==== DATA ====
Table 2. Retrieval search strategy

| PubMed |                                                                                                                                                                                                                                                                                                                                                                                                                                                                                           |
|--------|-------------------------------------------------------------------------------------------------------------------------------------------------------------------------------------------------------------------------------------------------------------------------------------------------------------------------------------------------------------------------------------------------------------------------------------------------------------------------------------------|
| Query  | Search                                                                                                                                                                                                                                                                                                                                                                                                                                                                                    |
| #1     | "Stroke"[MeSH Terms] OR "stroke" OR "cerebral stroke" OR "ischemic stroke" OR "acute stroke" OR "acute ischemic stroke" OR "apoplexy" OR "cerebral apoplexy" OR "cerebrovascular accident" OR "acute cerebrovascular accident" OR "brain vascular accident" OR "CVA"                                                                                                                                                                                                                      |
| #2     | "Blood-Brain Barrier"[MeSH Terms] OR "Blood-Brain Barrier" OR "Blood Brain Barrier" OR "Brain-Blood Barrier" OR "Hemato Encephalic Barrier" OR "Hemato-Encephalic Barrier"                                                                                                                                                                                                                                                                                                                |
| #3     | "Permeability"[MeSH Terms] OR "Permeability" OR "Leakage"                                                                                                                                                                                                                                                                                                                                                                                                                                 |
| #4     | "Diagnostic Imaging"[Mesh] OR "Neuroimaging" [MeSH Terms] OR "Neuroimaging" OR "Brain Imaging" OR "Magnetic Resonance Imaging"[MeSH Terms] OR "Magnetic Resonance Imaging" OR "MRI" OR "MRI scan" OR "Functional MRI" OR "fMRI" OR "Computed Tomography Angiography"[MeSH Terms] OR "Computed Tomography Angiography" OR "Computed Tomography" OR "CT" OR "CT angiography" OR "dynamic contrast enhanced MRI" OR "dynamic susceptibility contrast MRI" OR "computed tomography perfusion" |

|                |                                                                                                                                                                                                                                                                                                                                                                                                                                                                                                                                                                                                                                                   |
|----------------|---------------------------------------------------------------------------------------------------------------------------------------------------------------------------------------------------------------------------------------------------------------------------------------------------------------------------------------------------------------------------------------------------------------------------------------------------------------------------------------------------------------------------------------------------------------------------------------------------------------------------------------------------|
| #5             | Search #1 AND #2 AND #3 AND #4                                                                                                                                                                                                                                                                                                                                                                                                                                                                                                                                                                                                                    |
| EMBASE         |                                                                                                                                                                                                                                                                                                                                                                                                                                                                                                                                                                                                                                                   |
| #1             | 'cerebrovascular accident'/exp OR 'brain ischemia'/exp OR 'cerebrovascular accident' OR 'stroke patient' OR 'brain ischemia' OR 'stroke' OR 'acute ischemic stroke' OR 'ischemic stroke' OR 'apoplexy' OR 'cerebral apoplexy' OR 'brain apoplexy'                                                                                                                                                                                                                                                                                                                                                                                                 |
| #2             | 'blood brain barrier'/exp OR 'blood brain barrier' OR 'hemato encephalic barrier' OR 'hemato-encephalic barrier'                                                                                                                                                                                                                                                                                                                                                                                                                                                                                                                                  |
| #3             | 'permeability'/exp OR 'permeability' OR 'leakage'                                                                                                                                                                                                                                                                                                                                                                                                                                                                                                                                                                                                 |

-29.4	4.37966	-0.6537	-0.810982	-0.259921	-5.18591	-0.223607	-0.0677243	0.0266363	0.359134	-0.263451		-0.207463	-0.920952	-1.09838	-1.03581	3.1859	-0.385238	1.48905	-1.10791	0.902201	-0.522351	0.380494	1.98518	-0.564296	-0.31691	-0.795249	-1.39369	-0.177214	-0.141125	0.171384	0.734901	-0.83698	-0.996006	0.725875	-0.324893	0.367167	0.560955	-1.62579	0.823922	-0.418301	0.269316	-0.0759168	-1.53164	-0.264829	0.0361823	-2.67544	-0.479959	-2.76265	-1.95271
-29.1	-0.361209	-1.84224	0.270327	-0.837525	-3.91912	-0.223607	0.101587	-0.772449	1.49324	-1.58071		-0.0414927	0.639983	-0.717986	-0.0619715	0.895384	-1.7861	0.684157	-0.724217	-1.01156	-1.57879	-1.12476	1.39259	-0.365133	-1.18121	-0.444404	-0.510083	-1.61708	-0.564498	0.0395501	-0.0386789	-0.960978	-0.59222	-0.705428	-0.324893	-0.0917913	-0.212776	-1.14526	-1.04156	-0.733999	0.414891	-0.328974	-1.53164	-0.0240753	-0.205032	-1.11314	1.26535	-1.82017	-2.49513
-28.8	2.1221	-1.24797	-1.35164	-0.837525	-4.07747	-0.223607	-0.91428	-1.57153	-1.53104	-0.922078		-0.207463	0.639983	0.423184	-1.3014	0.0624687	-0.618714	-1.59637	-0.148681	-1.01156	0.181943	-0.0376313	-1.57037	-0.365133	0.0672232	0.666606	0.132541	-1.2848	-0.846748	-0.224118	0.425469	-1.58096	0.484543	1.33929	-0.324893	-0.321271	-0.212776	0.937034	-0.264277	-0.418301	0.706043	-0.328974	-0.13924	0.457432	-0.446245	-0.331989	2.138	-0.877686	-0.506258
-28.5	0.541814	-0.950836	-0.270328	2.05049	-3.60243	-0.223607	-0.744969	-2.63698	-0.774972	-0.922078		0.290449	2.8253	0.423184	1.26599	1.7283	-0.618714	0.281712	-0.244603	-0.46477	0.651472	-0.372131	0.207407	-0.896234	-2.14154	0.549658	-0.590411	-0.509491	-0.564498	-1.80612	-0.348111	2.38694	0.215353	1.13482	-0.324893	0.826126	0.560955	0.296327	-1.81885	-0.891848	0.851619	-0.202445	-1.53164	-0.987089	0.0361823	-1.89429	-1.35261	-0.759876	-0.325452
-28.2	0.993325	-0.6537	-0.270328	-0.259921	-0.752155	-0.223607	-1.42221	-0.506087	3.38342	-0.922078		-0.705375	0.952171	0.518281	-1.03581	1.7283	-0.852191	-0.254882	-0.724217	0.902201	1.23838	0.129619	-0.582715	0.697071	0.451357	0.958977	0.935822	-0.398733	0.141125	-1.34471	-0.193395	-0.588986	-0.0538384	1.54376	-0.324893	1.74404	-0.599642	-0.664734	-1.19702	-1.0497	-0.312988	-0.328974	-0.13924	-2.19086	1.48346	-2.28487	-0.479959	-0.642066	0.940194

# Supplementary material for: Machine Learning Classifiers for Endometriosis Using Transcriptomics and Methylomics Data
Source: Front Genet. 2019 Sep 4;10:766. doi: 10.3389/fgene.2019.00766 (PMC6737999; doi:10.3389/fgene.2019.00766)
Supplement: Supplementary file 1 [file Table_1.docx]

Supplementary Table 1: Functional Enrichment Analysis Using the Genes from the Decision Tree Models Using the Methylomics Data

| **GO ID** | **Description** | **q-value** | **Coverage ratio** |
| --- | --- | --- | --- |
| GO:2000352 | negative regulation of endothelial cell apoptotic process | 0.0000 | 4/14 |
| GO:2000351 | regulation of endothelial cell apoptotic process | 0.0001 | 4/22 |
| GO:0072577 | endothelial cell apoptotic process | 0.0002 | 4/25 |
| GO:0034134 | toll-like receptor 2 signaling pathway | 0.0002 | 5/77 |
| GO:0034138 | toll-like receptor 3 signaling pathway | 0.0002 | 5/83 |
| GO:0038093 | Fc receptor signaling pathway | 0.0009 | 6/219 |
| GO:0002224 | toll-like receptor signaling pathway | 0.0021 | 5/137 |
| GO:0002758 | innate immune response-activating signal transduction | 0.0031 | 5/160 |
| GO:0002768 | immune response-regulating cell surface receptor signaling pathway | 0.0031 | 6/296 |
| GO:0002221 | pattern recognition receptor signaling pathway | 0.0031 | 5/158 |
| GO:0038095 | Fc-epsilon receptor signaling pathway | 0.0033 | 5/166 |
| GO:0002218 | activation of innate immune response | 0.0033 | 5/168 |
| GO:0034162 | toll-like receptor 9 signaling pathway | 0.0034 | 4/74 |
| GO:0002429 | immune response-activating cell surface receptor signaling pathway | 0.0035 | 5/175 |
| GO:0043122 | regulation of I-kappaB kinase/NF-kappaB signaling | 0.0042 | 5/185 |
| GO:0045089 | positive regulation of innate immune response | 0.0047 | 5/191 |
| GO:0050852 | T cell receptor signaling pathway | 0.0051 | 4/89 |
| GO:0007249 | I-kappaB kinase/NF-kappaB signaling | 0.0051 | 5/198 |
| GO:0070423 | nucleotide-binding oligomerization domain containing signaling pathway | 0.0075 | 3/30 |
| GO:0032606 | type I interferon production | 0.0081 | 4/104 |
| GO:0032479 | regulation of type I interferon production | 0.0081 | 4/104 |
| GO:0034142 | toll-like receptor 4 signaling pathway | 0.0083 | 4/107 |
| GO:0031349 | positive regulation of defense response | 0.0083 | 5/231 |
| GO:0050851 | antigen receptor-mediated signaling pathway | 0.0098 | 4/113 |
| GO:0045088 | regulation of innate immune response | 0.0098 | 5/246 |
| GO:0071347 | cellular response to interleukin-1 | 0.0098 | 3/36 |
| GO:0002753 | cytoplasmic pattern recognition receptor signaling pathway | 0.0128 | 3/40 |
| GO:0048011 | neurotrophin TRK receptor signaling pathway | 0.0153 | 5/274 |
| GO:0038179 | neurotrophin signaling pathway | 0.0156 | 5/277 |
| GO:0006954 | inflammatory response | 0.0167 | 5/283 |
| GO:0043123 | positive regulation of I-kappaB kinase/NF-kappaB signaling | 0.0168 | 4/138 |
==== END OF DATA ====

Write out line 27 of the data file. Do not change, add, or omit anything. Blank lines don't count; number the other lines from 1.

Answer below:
| GO:2000352 | negative regulation of endothelial cell apoptotic process | 0.0000 | 4/14 |